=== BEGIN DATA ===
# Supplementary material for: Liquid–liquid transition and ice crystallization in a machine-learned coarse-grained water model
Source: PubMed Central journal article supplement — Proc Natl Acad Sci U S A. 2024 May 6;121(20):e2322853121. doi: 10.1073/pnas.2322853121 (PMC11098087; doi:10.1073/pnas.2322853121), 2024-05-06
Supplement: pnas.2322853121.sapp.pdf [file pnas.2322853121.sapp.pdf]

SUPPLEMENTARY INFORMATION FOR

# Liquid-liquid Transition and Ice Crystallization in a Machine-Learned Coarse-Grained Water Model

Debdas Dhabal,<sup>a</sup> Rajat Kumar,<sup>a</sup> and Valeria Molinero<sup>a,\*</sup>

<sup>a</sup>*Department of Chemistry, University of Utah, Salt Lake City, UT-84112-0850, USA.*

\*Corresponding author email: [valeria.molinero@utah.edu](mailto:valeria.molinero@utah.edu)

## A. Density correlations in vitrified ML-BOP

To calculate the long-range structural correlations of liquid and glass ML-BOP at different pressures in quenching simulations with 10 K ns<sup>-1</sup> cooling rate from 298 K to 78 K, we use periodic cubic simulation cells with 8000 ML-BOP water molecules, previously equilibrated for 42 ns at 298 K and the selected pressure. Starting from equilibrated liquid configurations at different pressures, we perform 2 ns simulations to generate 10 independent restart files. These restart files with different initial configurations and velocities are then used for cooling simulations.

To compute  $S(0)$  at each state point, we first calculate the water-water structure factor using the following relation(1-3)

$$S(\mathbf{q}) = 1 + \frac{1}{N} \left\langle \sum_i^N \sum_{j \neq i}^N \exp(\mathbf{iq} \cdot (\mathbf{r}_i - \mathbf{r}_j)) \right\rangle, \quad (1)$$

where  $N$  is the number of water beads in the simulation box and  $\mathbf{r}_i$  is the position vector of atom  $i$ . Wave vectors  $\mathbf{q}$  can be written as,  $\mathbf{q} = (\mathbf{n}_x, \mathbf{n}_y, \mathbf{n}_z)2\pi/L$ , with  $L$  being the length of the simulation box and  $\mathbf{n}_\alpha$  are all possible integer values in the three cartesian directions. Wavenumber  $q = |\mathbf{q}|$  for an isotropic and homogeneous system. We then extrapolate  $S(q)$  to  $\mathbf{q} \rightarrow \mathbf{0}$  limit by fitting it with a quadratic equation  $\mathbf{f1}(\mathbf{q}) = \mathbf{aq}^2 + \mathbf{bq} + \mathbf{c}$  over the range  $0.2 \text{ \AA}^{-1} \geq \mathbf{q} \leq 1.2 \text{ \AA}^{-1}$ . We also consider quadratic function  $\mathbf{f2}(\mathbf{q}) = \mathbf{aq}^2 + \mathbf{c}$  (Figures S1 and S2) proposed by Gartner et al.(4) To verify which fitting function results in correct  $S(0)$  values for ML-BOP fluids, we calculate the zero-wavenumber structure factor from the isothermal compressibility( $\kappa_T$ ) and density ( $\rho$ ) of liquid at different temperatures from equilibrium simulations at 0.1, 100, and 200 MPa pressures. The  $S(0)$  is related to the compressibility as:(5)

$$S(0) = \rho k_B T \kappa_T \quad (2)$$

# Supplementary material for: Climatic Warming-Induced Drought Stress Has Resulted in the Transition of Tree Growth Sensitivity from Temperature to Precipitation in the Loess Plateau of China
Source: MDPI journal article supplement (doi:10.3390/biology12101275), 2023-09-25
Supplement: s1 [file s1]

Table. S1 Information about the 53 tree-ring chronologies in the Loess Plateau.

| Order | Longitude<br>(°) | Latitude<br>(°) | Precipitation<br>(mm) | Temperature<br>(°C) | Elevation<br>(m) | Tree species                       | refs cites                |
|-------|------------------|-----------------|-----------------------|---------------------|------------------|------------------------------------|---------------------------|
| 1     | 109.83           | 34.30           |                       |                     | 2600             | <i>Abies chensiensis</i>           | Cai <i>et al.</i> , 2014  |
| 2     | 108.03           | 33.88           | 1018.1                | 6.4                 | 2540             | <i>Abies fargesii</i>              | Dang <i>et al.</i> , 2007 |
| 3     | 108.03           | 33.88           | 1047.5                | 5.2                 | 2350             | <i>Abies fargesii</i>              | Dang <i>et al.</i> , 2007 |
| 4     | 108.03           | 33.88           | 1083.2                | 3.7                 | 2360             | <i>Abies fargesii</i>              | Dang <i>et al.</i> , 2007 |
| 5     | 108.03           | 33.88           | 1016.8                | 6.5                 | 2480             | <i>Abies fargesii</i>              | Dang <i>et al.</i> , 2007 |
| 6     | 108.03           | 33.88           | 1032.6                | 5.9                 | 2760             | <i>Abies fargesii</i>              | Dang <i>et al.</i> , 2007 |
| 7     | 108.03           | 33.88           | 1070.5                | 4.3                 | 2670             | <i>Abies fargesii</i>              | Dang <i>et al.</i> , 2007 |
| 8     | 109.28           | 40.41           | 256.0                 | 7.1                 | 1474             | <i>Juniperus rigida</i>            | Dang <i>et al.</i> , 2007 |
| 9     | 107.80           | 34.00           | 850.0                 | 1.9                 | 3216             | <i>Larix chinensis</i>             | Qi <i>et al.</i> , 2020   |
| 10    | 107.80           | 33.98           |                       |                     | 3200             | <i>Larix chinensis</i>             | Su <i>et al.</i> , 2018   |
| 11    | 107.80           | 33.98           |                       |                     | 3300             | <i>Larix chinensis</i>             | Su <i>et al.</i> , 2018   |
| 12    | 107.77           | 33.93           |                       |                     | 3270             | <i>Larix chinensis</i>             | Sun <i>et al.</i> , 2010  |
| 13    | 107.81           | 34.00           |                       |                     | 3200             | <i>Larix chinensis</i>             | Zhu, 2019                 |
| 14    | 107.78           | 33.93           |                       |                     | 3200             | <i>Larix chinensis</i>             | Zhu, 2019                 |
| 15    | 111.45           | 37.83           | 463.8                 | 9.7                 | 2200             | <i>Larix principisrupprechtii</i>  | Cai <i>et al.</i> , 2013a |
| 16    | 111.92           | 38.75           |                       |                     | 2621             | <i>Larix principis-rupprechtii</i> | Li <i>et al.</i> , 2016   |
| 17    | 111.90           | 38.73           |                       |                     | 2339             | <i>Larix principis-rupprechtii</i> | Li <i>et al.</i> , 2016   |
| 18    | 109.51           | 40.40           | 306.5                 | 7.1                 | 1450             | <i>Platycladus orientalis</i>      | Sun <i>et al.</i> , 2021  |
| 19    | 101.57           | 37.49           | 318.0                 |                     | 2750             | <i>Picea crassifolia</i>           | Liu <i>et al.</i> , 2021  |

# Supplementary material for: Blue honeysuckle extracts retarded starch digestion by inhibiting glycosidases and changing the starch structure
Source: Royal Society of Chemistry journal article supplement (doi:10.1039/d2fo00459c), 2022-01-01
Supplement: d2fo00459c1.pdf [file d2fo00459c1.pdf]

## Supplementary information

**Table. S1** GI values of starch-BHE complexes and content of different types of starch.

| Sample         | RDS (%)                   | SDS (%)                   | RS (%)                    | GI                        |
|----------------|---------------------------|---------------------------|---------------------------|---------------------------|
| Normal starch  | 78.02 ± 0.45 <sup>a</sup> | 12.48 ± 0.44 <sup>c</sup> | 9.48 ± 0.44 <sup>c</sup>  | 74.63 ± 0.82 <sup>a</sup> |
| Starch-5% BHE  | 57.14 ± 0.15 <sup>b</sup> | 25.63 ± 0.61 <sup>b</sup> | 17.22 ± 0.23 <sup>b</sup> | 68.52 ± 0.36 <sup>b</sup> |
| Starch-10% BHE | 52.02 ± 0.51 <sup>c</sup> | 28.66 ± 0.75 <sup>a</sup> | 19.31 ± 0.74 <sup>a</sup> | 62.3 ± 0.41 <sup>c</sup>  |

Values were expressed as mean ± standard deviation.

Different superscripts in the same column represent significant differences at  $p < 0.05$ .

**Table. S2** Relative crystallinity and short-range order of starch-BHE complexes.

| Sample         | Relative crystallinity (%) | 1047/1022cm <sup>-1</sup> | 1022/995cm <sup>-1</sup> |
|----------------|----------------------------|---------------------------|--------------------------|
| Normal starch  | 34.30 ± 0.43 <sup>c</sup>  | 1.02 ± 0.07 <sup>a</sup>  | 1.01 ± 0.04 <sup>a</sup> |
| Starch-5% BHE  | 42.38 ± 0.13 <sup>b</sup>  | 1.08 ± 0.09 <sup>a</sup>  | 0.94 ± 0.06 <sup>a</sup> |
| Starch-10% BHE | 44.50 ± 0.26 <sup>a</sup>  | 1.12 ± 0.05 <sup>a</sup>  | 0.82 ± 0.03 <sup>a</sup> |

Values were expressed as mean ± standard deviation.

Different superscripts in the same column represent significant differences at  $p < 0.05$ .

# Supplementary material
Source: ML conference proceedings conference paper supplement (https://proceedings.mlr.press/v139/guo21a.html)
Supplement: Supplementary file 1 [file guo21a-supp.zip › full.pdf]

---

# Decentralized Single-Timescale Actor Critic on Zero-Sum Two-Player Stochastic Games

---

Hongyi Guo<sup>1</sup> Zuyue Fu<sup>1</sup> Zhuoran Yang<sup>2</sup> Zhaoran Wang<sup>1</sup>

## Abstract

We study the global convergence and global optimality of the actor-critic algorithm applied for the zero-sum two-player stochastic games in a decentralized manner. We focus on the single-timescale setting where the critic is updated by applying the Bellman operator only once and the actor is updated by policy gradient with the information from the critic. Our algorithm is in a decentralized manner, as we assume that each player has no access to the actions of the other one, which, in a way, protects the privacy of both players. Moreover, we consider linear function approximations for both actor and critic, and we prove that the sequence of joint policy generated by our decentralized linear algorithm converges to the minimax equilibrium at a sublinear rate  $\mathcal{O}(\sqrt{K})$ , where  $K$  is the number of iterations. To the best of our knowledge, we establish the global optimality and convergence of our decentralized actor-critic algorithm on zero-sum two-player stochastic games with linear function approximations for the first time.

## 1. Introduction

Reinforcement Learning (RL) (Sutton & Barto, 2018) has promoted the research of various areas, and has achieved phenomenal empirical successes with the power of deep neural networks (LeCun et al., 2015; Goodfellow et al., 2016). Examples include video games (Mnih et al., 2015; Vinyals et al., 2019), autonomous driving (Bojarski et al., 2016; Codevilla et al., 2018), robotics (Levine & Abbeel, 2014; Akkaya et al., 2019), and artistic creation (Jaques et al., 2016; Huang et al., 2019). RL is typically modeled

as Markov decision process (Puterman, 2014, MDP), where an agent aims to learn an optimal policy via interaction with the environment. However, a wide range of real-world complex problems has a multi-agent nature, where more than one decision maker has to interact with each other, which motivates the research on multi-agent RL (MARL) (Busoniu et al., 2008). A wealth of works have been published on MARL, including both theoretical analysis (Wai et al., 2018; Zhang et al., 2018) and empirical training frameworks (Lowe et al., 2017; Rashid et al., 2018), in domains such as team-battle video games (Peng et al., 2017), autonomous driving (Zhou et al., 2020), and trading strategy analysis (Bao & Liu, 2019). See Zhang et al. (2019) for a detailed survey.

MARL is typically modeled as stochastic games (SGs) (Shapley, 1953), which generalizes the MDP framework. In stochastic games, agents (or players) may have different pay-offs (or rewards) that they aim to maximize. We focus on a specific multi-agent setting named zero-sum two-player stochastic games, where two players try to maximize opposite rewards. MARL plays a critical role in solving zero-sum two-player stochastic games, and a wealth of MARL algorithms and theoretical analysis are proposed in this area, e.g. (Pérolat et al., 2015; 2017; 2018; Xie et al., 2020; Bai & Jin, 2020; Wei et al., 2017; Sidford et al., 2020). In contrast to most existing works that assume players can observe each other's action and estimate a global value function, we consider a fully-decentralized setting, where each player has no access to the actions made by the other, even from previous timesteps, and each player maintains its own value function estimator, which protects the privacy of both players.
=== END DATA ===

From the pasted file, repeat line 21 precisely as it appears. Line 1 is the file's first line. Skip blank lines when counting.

| 1     | 109.83           | 34.30           |                       |                     | 2600             | <i>Abies chensiensis</i>           | Cai <i>et al.</i> , 2014  |